There are no easy ways to discuss your
death, but here are nine suggestions to
help guide the process:
1) Choose an appropriate time to talk to
your children when no one is overtired
and you have enough private time.
Remember, this will likely be the first
of many conversations.
2) Consider whether it makes sense to
talk together as a family or to speak
separately to each child, with or
without other loved ones present.
3) Begin with a direct statement: “We
need to talk about my cancer and
what is happening to me.”
4) Children in college need honest
information about your prognosis
and what they should anticipate.
They have life plans that may be
affected. Together, you may decide
that the best thing for the family is
for them to continue their pursuits,
or you may decide it is better for
them to take a break.
5) Young children need simple, honest
information. The important message
is that you are very ill, and that the
doctors don’t expect you to live
6) Children of all ages need to be
reminded that others will continue
PHOTO COURTESY OF BETH ISRAEL DEACONESS MEDICAL CENTER
Parents want to love and protect their children, and they expect to do so by living long enough to raise them to adulthood. Cancer can interfere with this expectation when
treatments are no longer effective. If this happens to you, it will be
painfully necessary to prepare your children for life without you.
TALKING WITH YOUR CHILDREN
Prepare to be open with children when cancer treatment has stopped working.
to love and care for them. Single
parents and others who don’t have an
obvious partner in parenting should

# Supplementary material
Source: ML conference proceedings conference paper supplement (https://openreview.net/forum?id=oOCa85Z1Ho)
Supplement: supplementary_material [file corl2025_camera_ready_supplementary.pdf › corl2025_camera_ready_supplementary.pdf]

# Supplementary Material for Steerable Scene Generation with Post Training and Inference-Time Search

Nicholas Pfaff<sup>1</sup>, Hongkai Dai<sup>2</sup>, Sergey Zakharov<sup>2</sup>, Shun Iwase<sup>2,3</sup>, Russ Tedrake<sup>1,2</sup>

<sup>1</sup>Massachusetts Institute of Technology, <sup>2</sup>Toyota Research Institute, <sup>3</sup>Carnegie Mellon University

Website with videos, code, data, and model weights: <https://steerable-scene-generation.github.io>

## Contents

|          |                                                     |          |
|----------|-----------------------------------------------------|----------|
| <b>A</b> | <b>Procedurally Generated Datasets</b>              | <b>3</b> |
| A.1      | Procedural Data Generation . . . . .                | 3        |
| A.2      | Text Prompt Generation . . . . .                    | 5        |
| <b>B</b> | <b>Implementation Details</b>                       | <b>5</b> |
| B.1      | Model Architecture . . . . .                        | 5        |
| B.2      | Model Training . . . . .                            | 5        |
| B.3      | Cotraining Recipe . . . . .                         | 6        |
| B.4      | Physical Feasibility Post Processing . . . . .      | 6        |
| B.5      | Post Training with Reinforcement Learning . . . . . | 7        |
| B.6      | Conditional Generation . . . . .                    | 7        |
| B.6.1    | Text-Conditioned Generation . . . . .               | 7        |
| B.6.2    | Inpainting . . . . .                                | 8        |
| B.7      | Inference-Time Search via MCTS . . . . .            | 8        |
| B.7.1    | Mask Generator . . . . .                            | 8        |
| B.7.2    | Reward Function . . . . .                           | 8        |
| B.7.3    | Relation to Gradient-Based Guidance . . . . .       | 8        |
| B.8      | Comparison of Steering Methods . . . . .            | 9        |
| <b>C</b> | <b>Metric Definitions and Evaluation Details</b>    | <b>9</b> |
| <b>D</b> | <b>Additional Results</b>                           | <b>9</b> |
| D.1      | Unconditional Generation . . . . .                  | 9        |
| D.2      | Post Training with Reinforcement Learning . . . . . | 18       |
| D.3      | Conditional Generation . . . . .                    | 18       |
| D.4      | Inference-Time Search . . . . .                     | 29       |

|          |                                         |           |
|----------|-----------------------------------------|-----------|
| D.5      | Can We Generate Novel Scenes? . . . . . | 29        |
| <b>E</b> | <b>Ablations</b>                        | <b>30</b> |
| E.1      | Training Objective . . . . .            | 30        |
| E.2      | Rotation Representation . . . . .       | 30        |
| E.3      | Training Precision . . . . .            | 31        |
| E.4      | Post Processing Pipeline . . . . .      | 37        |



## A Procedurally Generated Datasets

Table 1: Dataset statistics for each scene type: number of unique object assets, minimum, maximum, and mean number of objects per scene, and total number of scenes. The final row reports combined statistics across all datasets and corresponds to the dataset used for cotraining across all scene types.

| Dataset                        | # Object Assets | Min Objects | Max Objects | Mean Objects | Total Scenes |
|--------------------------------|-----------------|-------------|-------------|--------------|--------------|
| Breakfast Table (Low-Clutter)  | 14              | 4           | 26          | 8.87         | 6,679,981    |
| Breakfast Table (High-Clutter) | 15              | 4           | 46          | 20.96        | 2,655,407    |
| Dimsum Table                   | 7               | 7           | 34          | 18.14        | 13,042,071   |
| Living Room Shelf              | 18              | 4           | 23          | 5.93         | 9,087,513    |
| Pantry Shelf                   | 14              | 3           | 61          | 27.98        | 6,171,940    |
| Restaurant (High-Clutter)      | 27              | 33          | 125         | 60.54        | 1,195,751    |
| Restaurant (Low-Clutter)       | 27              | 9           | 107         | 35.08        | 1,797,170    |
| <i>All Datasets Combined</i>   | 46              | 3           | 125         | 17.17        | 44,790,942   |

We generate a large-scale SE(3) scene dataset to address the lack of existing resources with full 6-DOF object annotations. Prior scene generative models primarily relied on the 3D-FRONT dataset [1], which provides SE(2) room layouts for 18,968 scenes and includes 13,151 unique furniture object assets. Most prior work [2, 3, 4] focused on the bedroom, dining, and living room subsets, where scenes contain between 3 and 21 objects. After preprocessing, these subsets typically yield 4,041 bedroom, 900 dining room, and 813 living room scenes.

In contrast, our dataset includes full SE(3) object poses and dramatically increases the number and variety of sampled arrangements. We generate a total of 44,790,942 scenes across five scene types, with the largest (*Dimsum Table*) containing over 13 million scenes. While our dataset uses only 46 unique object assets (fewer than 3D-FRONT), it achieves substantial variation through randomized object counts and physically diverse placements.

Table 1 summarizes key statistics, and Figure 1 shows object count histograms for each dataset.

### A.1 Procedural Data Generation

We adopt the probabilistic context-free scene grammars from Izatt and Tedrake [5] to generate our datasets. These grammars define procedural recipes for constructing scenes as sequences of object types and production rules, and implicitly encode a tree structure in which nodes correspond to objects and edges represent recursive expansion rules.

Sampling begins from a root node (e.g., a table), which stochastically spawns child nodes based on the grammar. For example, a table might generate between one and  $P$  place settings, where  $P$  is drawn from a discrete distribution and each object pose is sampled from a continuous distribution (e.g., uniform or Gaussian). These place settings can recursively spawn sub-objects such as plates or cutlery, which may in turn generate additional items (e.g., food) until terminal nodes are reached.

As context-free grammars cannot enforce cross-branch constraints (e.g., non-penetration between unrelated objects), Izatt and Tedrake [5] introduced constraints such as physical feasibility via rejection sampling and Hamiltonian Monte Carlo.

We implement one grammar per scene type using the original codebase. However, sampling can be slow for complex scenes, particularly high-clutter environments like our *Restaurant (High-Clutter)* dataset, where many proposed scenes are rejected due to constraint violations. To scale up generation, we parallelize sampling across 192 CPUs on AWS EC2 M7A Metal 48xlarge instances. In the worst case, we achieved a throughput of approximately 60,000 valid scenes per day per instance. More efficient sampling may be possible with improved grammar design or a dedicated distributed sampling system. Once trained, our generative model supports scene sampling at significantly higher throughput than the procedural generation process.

be prepared to explain who will take
care of the child.
7) Answer questions, even difficult
ones, as honestly as you can. It is not
unusual for a young child to ask what
happens after death. Be as clear and
honest as you can in the context of
your knowledge and belief system.
You can even say: “No one really
knows, but I am sure it will be OK.”
8) Don’t be surprised if a child of any
age reacts with anger. Although it
may not feel like it, their anger is not
directed at you, but at the situation
and loss. Be sure to let your child
know this so there are no lingering
feelings of guilt.
9) A colleague and psychiatrist who
worked with cancer patients always
taught that, before we die, we all need
to say three things to our loved ones:
I forgive you for the times that you
hurt or angered me. Please forgive
me for the times that I let you down.
Remember that I will always love you.
HESTER HILL SCHNIPPER, a licensed independent
clinical social worker, is a breast cancer survivor and
the manager of oncology social work at Beth Israel
Deaconess Medical Center in Boston. She also writes a
blog, Living With Cancer, for the hospital’s website.
YOUR CANCER GUIDE | HESTER HILL SCHNIPPER